Title

Guru love: On the tropes of eroticism in the spiritual relationship between master and disciple

Date of Award

2009

Degree Type

Dissertation

Degree Name

Doctor of Philosophy (PhD)

Department

Religion

Advisor(s)

Ann Grodzins Gold

Keywords

Spiritual relationship, Sigmund Freud and Carl G. Jung, Starets, Georges Bataille, Symeon the New Theologian, Ramakrishna, Master-disciple relationship

Subject Categories

Arts and Humanities | Religion

Abstract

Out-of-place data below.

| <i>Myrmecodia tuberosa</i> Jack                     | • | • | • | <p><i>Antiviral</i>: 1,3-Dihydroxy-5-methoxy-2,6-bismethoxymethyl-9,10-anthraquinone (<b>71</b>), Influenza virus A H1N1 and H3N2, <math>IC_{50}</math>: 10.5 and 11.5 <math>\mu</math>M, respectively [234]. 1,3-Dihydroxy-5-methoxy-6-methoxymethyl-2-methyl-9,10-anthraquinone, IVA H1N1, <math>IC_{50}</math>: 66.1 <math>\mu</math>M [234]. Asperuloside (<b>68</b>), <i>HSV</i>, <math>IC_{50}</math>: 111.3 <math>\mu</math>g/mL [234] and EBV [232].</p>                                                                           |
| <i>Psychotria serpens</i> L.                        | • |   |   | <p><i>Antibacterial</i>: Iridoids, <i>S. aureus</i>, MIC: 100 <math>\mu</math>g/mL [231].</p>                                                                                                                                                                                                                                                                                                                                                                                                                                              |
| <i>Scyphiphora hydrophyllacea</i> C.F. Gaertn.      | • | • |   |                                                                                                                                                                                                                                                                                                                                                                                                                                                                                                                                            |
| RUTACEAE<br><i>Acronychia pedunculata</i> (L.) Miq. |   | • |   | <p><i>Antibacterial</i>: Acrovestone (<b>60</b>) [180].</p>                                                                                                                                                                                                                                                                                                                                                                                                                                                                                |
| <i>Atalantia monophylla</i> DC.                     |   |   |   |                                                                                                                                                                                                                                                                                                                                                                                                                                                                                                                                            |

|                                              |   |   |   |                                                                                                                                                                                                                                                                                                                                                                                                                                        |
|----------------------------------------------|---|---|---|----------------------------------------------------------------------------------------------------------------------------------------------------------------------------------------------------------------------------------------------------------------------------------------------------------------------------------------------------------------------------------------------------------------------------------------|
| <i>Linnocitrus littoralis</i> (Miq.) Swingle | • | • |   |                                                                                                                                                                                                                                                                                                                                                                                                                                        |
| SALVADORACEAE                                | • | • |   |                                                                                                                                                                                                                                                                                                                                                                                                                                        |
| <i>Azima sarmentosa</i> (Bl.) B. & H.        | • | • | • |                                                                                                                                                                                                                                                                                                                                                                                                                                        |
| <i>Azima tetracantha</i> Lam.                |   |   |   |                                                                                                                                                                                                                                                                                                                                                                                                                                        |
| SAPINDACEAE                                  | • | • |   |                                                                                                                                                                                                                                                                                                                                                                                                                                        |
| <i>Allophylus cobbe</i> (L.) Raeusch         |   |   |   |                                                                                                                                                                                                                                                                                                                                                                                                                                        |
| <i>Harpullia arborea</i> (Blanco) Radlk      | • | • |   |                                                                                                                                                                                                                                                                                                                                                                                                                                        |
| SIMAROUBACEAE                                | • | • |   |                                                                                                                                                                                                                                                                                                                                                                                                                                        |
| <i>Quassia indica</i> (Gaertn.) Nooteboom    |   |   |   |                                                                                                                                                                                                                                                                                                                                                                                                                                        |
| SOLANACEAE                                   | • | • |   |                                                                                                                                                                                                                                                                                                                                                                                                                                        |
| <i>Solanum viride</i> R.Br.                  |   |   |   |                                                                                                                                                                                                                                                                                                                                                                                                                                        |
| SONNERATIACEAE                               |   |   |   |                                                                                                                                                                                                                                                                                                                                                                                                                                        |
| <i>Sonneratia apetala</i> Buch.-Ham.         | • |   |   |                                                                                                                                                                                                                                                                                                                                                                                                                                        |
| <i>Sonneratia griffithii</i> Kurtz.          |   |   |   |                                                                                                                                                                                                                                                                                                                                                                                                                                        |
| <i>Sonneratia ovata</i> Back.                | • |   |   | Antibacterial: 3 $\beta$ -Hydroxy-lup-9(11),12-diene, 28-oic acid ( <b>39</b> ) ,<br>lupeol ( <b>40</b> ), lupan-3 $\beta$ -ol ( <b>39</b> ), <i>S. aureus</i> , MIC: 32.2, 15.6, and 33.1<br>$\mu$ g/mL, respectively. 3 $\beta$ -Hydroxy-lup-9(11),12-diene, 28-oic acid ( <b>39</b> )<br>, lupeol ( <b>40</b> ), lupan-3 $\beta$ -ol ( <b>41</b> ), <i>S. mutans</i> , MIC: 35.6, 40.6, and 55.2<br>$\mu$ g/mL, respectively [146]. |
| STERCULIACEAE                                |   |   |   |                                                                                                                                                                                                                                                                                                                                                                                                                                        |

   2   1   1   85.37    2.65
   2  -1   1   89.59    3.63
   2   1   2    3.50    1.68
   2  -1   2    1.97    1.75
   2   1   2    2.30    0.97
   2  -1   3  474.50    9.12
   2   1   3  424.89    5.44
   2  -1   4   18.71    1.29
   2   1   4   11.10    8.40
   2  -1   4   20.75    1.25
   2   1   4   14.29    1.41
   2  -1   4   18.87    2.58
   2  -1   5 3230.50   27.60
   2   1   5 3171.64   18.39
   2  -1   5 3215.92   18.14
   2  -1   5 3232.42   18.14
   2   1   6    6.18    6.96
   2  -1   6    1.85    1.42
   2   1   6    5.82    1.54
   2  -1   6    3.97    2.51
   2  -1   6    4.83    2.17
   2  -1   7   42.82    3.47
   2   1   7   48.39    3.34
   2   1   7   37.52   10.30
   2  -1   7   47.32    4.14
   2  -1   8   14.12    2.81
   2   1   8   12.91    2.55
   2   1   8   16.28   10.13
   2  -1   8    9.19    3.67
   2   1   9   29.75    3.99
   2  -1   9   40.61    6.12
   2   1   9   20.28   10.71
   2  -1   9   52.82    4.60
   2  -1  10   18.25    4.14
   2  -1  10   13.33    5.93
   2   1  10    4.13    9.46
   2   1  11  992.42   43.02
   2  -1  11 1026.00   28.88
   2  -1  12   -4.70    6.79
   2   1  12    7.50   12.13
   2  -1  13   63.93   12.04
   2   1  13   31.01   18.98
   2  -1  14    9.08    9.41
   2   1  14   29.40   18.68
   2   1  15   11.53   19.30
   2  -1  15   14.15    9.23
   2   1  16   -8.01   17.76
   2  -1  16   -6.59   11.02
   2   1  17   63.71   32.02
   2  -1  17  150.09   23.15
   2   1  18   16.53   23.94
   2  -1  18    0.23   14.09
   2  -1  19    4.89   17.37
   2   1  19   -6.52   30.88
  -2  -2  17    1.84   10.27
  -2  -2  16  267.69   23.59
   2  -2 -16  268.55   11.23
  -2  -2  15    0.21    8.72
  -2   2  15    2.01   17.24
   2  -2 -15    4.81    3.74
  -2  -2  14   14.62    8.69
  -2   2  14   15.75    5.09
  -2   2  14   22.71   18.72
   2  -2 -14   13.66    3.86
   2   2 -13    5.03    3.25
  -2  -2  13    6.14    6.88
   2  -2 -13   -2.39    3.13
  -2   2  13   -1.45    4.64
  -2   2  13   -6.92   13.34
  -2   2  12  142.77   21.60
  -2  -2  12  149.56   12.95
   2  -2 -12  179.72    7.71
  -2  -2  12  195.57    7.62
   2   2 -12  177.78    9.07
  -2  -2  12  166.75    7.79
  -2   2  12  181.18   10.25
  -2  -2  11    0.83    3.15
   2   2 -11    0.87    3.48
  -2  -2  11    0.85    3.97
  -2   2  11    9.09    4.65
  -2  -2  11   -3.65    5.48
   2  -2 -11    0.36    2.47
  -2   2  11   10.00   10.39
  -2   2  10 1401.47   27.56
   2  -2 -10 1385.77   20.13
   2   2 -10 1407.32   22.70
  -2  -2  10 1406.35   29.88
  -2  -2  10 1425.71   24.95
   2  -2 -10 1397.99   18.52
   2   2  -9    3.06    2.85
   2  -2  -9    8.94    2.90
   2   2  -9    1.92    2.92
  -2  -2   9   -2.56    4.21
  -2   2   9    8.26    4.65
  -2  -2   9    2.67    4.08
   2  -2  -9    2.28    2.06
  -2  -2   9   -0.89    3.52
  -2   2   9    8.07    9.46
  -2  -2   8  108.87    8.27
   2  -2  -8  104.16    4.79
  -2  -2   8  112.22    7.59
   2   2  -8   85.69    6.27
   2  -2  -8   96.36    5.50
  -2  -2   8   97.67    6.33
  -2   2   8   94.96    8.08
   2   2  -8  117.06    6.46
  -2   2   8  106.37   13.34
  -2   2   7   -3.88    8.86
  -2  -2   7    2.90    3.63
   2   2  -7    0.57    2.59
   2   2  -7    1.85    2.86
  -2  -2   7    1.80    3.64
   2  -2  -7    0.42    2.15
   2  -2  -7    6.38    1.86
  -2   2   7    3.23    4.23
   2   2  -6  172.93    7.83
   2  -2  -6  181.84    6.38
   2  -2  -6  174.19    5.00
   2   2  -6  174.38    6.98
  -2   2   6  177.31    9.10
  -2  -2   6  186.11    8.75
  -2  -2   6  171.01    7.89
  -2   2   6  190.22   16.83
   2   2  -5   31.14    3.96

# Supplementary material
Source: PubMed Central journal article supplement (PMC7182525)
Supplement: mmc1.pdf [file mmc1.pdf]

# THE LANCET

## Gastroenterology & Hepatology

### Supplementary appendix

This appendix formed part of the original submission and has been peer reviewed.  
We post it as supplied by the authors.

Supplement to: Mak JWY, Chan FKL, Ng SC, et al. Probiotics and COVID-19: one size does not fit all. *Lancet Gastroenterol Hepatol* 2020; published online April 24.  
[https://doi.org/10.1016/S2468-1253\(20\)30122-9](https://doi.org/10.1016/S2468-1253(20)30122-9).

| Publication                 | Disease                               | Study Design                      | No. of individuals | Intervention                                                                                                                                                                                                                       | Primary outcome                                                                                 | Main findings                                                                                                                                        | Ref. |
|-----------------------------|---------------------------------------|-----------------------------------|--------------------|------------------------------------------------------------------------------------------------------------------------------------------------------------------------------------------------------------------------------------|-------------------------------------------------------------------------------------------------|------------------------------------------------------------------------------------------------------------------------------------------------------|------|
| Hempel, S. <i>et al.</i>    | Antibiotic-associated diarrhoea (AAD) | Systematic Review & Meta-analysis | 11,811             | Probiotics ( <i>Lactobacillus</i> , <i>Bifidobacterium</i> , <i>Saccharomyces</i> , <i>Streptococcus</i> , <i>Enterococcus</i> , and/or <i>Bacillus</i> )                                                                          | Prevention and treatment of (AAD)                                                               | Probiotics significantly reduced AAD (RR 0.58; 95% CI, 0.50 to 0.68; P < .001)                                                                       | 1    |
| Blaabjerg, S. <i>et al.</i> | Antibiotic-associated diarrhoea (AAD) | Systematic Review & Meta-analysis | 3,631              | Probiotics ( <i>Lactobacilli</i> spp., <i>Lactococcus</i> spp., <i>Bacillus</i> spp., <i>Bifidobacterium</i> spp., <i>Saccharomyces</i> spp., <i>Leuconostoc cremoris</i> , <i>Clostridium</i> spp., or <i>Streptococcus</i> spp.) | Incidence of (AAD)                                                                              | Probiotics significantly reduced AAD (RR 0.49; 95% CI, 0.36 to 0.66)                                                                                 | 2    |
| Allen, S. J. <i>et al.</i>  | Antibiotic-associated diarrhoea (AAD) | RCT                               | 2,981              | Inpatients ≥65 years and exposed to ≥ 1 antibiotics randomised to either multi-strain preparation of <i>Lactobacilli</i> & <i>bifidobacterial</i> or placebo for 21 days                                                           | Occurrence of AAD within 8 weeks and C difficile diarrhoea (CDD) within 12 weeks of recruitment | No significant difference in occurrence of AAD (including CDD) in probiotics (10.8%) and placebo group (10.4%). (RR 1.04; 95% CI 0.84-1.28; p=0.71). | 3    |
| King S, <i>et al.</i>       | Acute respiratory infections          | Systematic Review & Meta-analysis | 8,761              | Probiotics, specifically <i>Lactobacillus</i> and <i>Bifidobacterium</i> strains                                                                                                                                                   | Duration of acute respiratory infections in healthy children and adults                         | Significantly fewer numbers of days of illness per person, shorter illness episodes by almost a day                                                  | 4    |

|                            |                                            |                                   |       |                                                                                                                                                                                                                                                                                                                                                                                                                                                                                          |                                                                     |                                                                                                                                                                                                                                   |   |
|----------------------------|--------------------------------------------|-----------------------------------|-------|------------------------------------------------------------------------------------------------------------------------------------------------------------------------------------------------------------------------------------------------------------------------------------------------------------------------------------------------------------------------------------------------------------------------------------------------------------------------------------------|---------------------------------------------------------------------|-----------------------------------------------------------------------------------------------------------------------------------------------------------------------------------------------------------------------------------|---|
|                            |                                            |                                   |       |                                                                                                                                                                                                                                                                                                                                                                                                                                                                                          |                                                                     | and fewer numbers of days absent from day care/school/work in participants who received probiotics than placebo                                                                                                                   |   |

This dissertation places in conversation a number of cross-cultural instantiations of the spiritual relationship between a master and disciple, examining the tropes of eroticism that may be discerned within them. The first chapter discusses the psychoanalytic concept of transference, and its similar functions in the psychoanalytic relationship and in the guru-disciple relationship. In addition to examining transference as a possible lens with which to view the guru-disciple relationship, certain aspects of both Freud's theory and his relationship with his disciple Jung are examined. The second chapter discusses the guru-disciple relationship as it is experienced in India. Major sources include the Kularnava Tantra and accounts of specific gurus such as Ramakrishna, Yoganada's guru Yuktesvar and Anandamayi Ma. In addition to exhibiting a similar process of idealization and mirroring as in psychoanalysis, Hindu tradition often images these relationships in erotic terms and frequently emphasizes the experiential ecstasy and transformation the disciple achieves at the hands of the guru. The third chapter traces similar motifs in Eastern Christianity. Major sources include the work of John Climacus and Symeon the New Theologian. Within the relationship of abba or starets to disciple, similar themes of idealization, the ecstasy of the disciple, and the disciple's transformation (theosis) are found. The fourth chapter contextualizes the spiritual master-disciple relationship in the light of various scholarly discussions of the relationship between the erotic and the mystical, placing such relationships in conversation with specific modern erotic practices and pleasures. Major sources for this final chapter include the work of Bataille and MacKendrick.

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